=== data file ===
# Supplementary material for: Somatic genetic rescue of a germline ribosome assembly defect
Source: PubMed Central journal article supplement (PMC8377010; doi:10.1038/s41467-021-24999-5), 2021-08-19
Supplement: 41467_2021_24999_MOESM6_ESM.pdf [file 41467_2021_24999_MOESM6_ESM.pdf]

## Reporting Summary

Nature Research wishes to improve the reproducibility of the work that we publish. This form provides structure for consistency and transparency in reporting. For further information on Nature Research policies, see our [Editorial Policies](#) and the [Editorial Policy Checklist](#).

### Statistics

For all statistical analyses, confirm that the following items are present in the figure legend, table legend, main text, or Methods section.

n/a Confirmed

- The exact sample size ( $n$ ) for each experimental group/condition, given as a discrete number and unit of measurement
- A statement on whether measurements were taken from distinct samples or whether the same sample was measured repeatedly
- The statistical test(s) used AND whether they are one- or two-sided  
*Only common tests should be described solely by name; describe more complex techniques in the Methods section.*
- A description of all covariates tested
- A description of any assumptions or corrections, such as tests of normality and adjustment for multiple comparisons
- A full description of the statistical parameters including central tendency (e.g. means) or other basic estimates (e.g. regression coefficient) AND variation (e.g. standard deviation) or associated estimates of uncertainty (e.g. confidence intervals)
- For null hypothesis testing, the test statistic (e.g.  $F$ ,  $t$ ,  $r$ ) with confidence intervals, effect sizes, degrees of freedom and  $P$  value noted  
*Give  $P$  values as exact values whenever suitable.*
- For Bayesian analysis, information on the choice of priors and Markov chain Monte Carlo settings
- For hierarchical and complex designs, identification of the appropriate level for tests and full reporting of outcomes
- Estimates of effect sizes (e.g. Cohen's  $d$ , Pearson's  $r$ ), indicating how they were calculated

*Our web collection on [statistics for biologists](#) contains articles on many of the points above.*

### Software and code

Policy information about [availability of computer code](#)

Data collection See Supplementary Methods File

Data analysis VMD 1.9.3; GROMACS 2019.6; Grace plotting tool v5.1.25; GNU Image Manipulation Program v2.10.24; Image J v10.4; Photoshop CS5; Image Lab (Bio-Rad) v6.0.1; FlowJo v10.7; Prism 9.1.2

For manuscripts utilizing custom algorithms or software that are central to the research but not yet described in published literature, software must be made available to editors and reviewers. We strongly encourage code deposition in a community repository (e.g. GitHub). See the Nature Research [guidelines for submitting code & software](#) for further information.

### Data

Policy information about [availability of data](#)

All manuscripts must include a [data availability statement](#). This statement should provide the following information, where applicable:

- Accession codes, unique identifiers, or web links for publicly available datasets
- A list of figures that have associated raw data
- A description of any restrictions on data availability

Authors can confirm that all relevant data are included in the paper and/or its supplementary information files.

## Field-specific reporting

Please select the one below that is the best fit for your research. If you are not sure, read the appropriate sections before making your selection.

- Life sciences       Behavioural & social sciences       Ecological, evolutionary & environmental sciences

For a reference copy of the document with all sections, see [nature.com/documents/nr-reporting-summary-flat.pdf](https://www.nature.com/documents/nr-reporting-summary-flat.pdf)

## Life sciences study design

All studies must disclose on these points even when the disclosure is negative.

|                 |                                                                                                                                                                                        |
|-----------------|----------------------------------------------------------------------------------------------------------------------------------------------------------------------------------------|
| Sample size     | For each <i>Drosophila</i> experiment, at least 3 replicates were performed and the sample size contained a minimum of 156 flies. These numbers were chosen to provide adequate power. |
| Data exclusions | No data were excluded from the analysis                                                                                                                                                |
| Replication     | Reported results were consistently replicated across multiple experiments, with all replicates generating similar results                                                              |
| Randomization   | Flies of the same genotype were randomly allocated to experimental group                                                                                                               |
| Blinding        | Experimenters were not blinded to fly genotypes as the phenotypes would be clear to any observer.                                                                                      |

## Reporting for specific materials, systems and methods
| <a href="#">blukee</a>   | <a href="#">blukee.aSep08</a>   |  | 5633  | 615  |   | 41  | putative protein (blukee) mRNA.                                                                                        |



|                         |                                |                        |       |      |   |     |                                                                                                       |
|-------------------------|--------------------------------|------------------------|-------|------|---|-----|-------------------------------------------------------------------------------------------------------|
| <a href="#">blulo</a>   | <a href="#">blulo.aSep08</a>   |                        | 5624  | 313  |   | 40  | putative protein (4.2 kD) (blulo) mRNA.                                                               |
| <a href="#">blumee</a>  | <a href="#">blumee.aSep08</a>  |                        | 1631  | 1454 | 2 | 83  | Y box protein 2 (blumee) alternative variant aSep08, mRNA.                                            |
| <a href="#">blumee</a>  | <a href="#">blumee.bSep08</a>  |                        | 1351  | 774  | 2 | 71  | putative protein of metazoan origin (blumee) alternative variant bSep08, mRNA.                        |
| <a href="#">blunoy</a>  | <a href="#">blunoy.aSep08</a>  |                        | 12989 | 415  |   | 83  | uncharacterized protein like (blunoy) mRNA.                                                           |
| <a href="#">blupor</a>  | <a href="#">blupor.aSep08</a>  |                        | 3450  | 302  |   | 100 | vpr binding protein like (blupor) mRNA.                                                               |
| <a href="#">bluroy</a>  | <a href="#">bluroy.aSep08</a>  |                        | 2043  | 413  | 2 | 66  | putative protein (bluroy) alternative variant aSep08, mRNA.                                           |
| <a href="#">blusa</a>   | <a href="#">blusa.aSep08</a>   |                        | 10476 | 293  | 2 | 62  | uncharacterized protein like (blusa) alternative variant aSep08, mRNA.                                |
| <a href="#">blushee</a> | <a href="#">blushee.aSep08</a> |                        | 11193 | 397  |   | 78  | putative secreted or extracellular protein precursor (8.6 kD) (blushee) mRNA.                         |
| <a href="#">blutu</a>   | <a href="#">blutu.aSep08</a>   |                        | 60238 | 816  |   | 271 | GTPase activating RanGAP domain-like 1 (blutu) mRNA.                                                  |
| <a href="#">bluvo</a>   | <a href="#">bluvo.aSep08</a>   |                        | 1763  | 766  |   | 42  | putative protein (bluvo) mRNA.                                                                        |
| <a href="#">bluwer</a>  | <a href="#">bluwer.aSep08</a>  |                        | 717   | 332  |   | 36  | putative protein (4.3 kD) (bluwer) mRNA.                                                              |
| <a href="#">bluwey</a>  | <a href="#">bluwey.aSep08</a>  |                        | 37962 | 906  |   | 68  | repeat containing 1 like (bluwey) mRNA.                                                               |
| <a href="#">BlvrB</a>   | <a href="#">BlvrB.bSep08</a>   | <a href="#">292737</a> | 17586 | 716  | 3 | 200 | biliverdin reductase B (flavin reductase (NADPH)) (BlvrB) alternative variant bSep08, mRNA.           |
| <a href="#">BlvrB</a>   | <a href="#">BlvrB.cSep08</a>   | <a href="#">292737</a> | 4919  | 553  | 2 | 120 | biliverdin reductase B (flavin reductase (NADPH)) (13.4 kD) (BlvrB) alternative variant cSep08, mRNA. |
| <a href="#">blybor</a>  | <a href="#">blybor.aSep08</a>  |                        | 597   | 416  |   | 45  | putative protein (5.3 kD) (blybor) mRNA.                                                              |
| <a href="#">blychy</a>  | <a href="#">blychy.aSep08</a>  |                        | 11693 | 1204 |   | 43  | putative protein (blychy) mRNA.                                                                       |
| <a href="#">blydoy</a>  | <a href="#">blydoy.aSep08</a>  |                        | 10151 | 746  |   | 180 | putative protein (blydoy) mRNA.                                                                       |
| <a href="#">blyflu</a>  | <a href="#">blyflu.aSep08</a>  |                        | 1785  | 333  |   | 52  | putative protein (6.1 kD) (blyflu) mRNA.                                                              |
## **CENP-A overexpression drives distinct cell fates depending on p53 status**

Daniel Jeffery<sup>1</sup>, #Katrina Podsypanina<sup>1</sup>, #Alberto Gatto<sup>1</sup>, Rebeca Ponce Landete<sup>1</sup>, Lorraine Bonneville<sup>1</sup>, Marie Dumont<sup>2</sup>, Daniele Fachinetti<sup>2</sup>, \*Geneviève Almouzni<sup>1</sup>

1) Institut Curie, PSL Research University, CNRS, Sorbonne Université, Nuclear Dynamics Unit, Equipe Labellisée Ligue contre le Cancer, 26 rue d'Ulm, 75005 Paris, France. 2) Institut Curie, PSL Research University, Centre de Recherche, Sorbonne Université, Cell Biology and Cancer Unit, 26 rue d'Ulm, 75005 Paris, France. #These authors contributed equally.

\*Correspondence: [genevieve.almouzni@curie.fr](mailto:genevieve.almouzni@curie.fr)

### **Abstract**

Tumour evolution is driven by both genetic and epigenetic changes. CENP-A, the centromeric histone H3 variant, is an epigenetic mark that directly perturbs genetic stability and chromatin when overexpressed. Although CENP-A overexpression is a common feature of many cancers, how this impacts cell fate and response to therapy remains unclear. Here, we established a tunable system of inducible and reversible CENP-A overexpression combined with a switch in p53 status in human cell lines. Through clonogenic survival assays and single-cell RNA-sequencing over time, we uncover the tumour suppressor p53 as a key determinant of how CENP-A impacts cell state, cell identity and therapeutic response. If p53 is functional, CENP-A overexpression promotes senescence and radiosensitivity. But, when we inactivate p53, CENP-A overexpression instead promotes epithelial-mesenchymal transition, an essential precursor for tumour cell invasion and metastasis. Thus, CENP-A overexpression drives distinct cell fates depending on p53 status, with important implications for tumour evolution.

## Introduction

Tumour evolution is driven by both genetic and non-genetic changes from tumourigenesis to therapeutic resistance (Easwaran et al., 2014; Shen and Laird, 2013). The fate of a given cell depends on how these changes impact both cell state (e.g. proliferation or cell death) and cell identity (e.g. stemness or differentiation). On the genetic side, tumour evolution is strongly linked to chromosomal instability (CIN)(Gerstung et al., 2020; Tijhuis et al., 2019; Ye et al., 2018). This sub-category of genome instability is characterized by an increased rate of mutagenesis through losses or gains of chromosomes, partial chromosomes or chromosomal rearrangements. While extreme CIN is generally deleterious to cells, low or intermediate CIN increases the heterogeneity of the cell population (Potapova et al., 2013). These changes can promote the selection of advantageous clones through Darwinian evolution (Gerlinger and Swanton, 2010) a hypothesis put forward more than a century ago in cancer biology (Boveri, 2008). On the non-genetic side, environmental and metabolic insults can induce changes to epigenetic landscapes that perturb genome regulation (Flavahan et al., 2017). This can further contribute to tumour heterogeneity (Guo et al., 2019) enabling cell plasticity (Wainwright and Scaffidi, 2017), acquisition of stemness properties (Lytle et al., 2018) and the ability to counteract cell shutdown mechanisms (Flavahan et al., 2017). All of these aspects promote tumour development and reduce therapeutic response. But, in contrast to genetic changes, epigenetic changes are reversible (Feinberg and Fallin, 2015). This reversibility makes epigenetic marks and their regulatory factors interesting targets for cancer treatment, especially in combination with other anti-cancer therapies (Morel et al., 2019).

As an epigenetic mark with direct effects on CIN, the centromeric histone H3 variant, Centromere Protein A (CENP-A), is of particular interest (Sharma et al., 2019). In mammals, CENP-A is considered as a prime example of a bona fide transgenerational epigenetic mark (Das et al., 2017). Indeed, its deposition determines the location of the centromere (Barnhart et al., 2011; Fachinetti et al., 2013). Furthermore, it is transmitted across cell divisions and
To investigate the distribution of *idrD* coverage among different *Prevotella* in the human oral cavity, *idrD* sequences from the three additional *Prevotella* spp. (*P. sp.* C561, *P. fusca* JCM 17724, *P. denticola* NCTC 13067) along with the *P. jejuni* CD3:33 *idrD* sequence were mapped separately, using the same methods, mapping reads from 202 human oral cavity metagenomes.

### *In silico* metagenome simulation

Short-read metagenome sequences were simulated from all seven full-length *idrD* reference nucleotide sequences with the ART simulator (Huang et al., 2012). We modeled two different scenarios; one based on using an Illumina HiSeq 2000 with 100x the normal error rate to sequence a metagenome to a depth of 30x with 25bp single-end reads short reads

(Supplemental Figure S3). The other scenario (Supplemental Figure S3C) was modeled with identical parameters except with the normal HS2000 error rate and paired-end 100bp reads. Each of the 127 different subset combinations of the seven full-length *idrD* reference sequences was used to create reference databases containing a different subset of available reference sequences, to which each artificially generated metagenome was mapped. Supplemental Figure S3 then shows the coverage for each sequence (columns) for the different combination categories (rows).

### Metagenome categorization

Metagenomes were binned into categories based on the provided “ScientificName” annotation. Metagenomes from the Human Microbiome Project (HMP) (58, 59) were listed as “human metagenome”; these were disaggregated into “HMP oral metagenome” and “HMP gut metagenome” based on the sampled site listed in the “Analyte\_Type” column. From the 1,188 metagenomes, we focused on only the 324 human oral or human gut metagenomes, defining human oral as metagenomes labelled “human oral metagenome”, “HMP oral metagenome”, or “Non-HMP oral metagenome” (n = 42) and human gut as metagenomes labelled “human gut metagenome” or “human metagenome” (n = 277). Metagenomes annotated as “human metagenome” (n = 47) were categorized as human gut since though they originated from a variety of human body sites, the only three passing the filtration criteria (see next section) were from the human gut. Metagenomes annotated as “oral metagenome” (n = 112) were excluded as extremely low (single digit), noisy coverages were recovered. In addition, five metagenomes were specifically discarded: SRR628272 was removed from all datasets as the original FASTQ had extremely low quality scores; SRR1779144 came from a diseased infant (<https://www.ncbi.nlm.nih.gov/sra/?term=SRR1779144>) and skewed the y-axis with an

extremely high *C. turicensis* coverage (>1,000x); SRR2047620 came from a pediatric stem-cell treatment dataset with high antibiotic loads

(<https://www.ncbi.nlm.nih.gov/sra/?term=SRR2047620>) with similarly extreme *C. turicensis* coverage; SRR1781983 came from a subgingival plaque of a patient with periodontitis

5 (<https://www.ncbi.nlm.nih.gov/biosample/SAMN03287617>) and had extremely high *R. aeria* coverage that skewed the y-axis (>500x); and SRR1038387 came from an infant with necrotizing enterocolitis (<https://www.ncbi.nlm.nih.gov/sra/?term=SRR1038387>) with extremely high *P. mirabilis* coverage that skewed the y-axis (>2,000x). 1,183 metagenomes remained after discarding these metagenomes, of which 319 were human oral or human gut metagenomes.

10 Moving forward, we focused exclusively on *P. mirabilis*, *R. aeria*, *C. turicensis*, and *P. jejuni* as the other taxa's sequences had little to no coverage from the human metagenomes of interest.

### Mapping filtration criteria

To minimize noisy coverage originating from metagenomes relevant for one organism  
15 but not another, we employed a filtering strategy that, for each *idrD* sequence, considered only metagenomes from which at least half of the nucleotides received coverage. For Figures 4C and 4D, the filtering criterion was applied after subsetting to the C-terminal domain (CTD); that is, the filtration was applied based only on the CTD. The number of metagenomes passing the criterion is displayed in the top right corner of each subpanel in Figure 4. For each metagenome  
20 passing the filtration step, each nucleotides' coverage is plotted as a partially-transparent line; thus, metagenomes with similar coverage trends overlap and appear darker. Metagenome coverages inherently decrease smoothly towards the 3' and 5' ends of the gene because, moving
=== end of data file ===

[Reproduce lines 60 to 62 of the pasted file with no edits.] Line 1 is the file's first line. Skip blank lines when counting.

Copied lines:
| <a href="#">bluvo</a>   | <a href="#">bluvo.aSep08</a>   |                        | 1763  | 766  |   | 42  | putative protein (bluvo) mRNA.                                                                        |
| <a href="#">bluwer</a>  | <a href="#">bluwer.aSep08</a>  |                        | 717   | 332  |   | 36  | putative protein (4.3 kD) (bluwer) mRNA.                                                              |
| <a href="#">bluwey</a>  | <a href="#">bluwey.aSep08</a>  |                        | 37962 | 906  |   | 68  | repeat containing 1 like (bluwey) mRNA.                                                               |